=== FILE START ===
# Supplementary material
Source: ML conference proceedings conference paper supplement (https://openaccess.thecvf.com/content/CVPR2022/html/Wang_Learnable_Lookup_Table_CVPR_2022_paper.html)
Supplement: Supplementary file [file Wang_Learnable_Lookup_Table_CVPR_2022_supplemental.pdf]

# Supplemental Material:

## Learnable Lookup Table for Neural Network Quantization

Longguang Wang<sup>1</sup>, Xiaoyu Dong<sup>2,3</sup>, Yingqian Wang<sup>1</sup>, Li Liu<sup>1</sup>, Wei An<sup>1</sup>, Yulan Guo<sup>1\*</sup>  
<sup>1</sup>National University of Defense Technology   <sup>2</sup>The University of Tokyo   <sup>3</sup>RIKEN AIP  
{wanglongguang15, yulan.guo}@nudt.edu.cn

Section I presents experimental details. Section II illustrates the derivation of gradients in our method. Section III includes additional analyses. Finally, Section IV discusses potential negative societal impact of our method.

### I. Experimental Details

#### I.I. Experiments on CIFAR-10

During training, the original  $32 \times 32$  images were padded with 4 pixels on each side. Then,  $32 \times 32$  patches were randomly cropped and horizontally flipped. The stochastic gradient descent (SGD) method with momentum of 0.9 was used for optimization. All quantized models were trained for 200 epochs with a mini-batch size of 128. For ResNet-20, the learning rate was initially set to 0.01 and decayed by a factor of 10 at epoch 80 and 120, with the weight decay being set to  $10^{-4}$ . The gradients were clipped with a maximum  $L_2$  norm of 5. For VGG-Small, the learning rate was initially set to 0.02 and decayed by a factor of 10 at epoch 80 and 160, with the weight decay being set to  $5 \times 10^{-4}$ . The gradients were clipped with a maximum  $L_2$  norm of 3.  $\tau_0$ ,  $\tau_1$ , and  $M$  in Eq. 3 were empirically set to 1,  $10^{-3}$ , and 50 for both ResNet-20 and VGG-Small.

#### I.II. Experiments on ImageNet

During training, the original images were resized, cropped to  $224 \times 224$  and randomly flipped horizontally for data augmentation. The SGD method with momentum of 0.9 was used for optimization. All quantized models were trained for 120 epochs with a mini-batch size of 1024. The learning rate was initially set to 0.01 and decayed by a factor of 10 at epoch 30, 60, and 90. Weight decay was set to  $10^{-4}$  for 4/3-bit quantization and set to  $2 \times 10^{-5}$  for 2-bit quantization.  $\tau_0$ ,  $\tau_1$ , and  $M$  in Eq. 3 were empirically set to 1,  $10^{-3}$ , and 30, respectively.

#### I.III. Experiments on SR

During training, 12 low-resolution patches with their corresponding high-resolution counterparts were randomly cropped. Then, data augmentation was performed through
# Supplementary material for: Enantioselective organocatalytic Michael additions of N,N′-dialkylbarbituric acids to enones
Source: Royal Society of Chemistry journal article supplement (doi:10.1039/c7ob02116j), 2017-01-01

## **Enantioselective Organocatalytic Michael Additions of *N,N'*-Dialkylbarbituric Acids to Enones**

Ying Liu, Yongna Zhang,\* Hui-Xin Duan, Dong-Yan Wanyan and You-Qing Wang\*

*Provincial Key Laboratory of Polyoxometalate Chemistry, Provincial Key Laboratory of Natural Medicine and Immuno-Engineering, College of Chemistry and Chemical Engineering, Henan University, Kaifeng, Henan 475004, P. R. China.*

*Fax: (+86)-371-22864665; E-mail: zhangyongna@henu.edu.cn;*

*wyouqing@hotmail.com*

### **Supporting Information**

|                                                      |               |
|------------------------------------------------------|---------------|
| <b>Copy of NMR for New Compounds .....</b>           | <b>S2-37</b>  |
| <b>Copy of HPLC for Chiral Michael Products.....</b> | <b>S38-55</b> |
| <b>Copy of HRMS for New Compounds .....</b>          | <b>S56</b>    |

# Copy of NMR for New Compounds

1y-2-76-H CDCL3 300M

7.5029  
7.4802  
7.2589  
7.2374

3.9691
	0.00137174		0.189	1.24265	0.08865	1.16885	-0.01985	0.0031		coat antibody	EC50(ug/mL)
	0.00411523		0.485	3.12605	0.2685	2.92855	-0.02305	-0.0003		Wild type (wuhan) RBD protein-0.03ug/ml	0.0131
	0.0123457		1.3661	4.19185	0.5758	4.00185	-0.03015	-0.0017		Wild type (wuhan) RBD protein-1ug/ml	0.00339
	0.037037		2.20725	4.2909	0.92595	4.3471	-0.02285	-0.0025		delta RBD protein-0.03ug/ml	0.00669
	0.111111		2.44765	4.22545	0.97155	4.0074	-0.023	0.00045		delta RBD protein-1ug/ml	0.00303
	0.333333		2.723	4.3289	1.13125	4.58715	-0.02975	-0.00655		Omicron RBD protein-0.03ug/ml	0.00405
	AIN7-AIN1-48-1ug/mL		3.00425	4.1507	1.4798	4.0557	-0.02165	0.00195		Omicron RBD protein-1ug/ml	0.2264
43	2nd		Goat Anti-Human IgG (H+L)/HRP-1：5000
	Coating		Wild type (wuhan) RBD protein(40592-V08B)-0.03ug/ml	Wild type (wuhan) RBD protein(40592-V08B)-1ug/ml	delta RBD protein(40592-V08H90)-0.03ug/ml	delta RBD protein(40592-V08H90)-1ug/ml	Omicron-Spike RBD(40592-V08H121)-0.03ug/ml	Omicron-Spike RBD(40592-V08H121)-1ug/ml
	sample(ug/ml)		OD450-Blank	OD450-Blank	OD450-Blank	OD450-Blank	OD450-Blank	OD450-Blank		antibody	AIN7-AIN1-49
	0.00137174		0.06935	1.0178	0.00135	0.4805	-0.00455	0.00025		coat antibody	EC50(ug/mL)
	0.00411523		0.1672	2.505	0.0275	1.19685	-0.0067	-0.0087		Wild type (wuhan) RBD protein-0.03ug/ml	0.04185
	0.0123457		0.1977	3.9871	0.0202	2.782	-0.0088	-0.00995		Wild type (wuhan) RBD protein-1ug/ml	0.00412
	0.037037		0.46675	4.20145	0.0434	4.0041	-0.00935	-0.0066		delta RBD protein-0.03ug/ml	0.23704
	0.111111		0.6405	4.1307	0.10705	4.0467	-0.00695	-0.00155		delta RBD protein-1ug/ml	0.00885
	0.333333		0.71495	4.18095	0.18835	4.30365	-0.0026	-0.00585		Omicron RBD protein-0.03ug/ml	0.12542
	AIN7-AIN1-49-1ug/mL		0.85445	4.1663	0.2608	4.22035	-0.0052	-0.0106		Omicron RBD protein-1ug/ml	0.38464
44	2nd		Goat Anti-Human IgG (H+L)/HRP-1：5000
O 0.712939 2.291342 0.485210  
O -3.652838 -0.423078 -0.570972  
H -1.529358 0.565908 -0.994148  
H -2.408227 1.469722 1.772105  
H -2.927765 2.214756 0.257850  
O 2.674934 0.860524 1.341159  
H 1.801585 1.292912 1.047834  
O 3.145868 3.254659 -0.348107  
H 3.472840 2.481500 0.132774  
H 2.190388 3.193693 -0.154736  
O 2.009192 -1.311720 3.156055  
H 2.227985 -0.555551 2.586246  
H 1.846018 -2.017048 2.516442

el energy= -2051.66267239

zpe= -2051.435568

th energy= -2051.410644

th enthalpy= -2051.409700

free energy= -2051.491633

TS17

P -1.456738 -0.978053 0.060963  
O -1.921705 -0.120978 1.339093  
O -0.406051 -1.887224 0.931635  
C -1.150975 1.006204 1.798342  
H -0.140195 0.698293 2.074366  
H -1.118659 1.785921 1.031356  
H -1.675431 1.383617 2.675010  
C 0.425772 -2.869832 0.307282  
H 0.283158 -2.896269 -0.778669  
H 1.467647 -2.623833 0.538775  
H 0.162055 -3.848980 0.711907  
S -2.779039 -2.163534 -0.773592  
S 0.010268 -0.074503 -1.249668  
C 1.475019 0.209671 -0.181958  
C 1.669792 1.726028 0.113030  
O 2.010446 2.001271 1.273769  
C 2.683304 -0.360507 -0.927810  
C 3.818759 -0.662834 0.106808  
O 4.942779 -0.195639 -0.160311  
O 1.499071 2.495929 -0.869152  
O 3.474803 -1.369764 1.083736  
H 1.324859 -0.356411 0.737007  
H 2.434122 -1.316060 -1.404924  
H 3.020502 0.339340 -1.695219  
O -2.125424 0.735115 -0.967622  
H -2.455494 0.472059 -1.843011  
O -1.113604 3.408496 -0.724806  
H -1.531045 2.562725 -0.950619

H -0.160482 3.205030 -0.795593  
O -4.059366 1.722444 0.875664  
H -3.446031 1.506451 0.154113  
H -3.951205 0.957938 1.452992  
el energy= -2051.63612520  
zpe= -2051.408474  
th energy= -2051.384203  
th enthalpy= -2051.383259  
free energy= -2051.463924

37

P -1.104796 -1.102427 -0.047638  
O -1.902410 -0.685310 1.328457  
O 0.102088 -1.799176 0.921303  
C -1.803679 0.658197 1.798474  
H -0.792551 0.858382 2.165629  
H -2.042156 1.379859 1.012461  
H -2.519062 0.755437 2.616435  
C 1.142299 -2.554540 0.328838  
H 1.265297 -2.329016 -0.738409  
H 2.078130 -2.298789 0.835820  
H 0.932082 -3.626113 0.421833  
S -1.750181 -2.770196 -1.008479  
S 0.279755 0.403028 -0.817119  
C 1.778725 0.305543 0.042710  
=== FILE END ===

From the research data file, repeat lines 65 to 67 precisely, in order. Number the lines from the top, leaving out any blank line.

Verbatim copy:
O 2.009192 -1.311720 3.156055  
H 2.227985 -0.555551 2.586246  
H 1.846018 -2.017048 2.516442